Where’s the joke?


I got into this by accident. I always wanted to be an advertising art director as it sounded glamorous and there might be lots of travel. Photo shoots in glamorous places with glamorous people go with. I had a brief period in the business before I got the order of the golden boot, not fired, just not wanted.I never went anywhere glamorous, but met some lovely people.

The agency that I then worked for: S.H. Bensons was one of those grand old men of advertising where famous novelists started as copywriters and Mr Benson himself was famous for being the original ‘marketing man’ when they had not existed before. He was responsible for marketing Bovril ( that’s a meat extract drink for those not familiar, yes they drank meat extract, had to be better than coca cola ) and made a great success of it in the First World War. He’d long departed this life by the time I was there in the early seventies.

Located in Holborn right across the road from the tube station, the agency boasted a large artwork studio in addition to the many offices with art directors and copywriters. There must have been at least 15 people working in that artwork studio. They also had 2 or 3 full time illustrators working there who had their own room! It was said they could work in any style you required, a Van Gogh type drawing would probably be turned around in a day or so. Full colour Vermeer would take a couple of weeks. One of the illustrators there was responsible for a large imitation of the Bayeux Tapestry for a poster campaign for Guinness, he didn’t weave it, he drew it!

So when I went freelance after they ‘let me go’ I considered myself to be a ‘commercial artist’ and would attempt, like the guys at Bensons, to do almost any style required and was happy to have a go at anything. Apart from airbrush stuff which was beyond me. All that spraying and masking gave you coloured teeth, no matter how careful you were.

When I came into my own, so to speak, doing cartoons, and developing my own cartoon work, much of the other stuff got left behind.

So recently I’ve turned back to experiment with some drawing like I used to. I’m working on a series of ‘silkscreen’ type prints taken from places I know. I’m not a printmaker in the traditional sense, and these are drawn in line first then scanned. Colour added digitally. Actually anyone can add the colour and might be able to do it better than me.

So there’s no punchline here, no joke. Nevertheless I hope it lifts your day.

The image above is one of the valleys coming out of Stroud in Gloucestershire towards Frampton Mansell from Chalford. It’s a magical place. The one below is the simple line work before ‘faffing’ of a view towards Sheffield.Shutsheffiledblog





What’s the betting you don’t win?


Cheltenham Race Week starts tomorrow, I think. I live down the road from the course but I’ve never been there. I’m sure it’s a wonderful event and the town will be filled with a heady mix of racegoers looking for the full English Breakfast or even the full Irish, as many of them are from Ireland.

The bookies have a heyday and the streets start to fill with young women dressed as jockeys in a rather unseemly attempt at attracting business. Some of them have obviously never been near a horse and the horse would probably be thankful for that.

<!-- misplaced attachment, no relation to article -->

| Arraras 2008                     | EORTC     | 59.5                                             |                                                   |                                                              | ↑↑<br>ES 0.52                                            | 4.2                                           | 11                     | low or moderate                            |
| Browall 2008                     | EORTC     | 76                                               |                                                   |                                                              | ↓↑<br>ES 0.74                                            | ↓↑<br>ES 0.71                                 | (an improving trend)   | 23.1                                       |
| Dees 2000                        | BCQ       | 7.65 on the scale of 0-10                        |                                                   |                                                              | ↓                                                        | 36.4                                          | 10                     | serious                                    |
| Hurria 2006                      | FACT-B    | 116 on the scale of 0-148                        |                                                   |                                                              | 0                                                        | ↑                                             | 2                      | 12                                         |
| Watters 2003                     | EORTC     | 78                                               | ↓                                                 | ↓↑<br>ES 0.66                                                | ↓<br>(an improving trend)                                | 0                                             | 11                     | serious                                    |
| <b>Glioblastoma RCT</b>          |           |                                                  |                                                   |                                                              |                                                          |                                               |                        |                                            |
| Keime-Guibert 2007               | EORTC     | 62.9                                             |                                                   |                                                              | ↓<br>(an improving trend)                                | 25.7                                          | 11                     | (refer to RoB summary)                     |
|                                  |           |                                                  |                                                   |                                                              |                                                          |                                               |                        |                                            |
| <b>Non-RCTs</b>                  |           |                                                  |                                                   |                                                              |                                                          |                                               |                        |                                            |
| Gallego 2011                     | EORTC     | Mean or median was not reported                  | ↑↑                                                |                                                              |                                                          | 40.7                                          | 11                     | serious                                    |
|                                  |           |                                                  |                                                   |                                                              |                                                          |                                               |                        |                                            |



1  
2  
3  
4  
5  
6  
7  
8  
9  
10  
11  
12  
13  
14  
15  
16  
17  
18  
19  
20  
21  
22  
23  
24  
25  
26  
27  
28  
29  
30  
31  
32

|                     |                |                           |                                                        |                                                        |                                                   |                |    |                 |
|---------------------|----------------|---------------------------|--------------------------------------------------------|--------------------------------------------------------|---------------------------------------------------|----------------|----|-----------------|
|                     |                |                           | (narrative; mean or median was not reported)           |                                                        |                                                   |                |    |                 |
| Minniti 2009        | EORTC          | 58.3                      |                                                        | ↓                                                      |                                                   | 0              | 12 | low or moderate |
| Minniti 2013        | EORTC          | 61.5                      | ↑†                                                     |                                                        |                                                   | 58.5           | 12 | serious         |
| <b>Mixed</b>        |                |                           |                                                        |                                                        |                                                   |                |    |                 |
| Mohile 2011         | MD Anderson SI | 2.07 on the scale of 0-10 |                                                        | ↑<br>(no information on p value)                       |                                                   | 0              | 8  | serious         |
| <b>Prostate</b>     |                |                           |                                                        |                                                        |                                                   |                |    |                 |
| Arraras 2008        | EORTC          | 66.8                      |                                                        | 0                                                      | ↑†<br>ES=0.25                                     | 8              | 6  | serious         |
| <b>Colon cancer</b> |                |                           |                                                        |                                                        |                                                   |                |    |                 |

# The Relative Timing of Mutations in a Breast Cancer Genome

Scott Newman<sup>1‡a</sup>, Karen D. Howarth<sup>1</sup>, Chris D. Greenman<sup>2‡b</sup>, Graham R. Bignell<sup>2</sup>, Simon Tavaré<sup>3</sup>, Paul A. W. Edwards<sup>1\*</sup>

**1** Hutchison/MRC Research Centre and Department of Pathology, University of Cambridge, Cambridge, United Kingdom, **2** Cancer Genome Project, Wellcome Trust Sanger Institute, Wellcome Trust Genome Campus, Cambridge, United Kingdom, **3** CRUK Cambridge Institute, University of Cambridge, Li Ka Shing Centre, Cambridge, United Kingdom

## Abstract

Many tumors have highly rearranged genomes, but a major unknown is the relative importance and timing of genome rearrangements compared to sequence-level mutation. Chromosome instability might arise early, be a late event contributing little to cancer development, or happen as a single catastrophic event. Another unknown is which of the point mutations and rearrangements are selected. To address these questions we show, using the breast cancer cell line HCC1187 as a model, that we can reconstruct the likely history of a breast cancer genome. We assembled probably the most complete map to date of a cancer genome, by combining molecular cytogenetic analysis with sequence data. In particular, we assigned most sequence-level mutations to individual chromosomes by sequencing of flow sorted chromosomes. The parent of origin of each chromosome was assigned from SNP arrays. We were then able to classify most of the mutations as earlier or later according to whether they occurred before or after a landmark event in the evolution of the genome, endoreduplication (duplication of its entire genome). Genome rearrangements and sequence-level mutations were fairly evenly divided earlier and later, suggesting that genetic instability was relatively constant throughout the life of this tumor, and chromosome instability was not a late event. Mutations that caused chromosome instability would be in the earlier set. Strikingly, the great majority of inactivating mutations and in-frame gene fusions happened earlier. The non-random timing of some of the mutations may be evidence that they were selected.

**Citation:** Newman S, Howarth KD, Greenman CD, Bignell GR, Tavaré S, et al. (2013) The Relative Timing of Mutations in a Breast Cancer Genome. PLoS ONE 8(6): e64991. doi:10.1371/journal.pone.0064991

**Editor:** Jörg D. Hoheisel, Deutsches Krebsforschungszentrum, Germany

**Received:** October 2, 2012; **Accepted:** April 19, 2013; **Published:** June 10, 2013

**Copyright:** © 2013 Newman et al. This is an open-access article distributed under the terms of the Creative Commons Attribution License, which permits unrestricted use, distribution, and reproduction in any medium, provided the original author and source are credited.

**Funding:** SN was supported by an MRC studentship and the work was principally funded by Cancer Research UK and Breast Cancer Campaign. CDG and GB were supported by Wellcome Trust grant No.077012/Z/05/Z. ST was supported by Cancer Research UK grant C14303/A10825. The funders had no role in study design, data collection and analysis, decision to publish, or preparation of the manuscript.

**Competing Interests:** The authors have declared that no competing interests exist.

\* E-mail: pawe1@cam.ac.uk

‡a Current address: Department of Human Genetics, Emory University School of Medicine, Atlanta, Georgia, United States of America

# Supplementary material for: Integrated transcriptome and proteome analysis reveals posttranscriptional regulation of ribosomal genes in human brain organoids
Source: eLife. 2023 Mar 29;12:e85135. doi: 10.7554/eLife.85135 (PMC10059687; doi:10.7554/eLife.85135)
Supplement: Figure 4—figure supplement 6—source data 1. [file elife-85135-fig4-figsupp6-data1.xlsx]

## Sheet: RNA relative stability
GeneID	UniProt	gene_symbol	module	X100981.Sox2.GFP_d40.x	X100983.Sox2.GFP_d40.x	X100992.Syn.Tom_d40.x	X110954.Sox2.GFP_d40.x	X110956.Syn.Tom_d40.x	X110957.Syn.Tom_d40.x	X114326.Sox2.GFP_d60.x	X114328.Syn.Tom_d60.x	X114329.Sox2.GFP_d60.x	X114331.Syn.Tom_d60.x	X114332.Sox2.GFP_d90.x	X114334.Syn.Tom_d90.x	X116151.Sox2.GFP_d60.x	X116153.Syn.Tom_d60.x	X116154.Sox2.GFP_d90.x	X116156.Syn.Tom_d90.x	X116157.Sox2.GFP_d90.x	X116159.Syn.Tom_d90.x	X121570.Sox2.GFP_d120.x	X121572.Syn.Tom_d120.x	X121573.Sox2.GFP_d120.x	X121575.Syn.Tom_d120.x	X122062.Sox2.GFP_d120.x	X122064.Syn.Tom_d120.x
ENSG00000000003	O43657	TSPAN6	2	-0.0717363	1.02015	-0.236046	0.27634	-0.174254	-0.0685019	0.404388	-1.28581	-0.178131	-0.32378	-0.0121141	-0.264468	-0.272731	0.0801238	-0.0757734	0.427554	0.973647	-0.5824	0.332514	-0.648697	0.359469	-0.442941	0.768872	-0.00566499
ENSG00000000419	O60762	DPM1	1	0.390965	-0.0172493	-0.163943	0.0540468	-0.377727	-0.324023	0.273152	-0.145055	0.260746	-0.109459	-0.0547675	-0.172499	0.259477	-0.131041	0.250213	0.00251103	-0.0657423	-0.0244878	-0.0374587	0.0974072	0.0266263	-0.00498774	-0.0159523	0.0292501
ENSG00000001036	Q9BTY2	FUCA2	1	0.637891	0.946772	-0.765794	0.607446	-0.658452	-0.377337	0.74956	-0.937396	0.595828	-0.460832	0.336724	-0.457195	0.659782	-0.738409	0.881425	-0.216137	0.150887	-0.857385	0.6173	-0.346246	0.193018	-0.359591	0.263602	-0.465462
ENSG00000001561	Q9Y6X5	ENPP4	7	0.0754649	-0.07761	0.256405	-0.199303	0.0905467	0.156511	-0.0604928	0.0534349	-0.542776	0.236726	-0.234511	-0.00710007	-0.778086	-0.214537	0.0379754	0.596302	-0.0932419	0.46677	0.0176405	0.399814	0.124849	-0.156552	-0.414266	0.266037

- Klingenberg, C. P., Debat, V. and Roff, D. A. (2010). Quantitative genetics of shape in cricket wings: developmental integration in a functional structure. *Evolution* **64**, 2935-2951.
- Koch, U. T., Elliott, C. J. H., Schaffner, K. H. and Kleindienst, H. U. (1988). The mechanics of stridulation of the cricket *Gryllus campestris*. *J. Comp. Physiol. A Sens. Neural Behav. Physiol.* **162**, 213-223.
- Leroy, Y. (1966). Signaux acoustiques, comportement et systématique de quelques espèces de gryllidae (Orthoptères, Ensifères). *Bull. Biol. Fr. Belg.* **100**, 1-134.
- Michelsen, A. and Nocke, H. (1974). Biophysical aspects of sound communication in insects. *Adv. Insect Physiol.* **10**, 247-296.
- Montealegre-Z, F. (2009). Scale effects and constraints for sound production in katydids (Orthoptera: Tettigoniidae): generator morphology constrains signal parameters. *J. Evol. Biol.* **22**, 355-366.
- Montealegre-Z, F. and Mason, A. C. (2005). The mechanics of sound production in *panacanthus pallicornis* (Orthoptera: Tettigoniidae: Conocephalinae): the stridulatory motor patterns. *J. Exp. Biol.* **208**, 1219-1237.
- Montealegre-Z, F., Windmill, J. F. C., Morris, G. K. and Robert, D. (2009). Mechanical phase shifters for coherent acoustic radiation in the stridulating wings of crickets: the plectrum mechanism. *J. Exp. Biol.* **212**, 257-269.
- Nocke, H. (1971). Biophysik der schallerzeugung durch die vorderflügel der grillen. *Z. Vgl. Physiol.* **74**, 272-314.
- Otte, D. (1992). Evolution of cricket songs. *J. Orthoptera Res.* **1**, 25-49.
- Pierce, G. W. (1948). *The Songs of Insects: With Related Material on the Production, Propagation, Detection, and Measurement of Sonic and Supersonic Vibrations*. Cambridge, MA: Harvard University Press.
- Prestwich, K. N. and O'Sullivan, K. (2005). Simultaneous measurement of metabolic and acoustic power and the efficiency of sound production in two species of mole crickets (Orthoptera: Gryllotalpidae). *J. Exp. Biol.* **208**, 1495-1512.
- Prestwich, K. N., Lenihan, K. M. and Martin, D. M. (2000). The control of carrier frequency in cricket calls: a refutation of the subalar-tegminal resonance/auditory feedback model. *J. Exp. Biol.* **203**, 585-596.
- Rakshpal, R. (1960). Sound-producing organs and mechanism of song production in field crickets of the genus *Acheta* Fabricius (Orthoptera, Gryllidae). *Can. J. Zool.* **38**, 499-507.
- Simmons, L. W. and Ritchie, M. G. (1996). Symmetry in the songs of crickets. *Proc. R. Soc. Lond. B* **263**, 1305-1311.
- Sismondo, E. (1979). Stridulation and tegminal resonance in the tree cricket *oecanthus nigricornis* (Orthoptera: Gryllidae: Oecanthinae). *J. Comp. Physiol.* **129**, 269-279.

I write as someone experienced in a racecourse but not racing. When I was a student I had a job at the nearby Haydock Park Racecourse which is close to Wigan. I was a temporary assistant to the ground staff and a wonderful bunch of blokes they were. I was an extra pair of hands to aid in the picking up of litter after a meeting, not a great task as losing racegoers tend to rip up their betting slips into tiny pieces when they lose,and they lose a lot.

A more interesting task was helping build the fences between race meetings. We’d trundle off to Lord Derby’s estate down the East Lancs Road and cut bunches of birch trees, tie it up and load it onto the back of a trailer to be towed by a tractor. The area was awash with mosquitoes and horse flies, pedigree horse flies. We’d get bitten rotten all part from George Willie, one of the elderly guys who was part of the team. ” How do you do it George?” someone asked one morning. ” Easy, I spray myself with ‘flit flyspray’ before I leave the house, and if any of them land on me they die on contact”. None of us fancied doing the same, ‘flit’ being the near equivalent of nerve gas.

After we’d got a complete load we headed back to the course, I was put on top of the load with a red flag to warn approaching traffic. Health and safety was not the consideration it is today. I was certainly a little nervous but a couple of cigarettes on the journey back calmed my nerves atop this natural bonfire.

The day before the races the horses used to arrive, with tiny jockeys who’d be invisible on the streets of Cheltenham. Lester Piggot, an famously unpopular jockey with the staff, used to arrive by plane and land in the middle of the course. We were charged with putting down white sheets to help his pilot land. Some of the staff were tempted to move them nearer the trees to make his landing a little more interesting.

Stable boys and some girl would look after the horses, and well I remember when one of them said to me, “Put your wages on my horse, sure fire winner”. I’d never bet before in my life but this was a chance not to miss: an inside tip! So I placed my bet.

This was in the days when they started the race at a rope across the course, a messy affair, and my race was no exception. My horse started fast and was probably quicker than any of the others, unfortunately it was going in exactly the opposite direction and there was nothing the hapless tiny person on board could do about it.

I’ve never bet on a horse since.

The drawing is a near finished version of a series on Sports Nuts.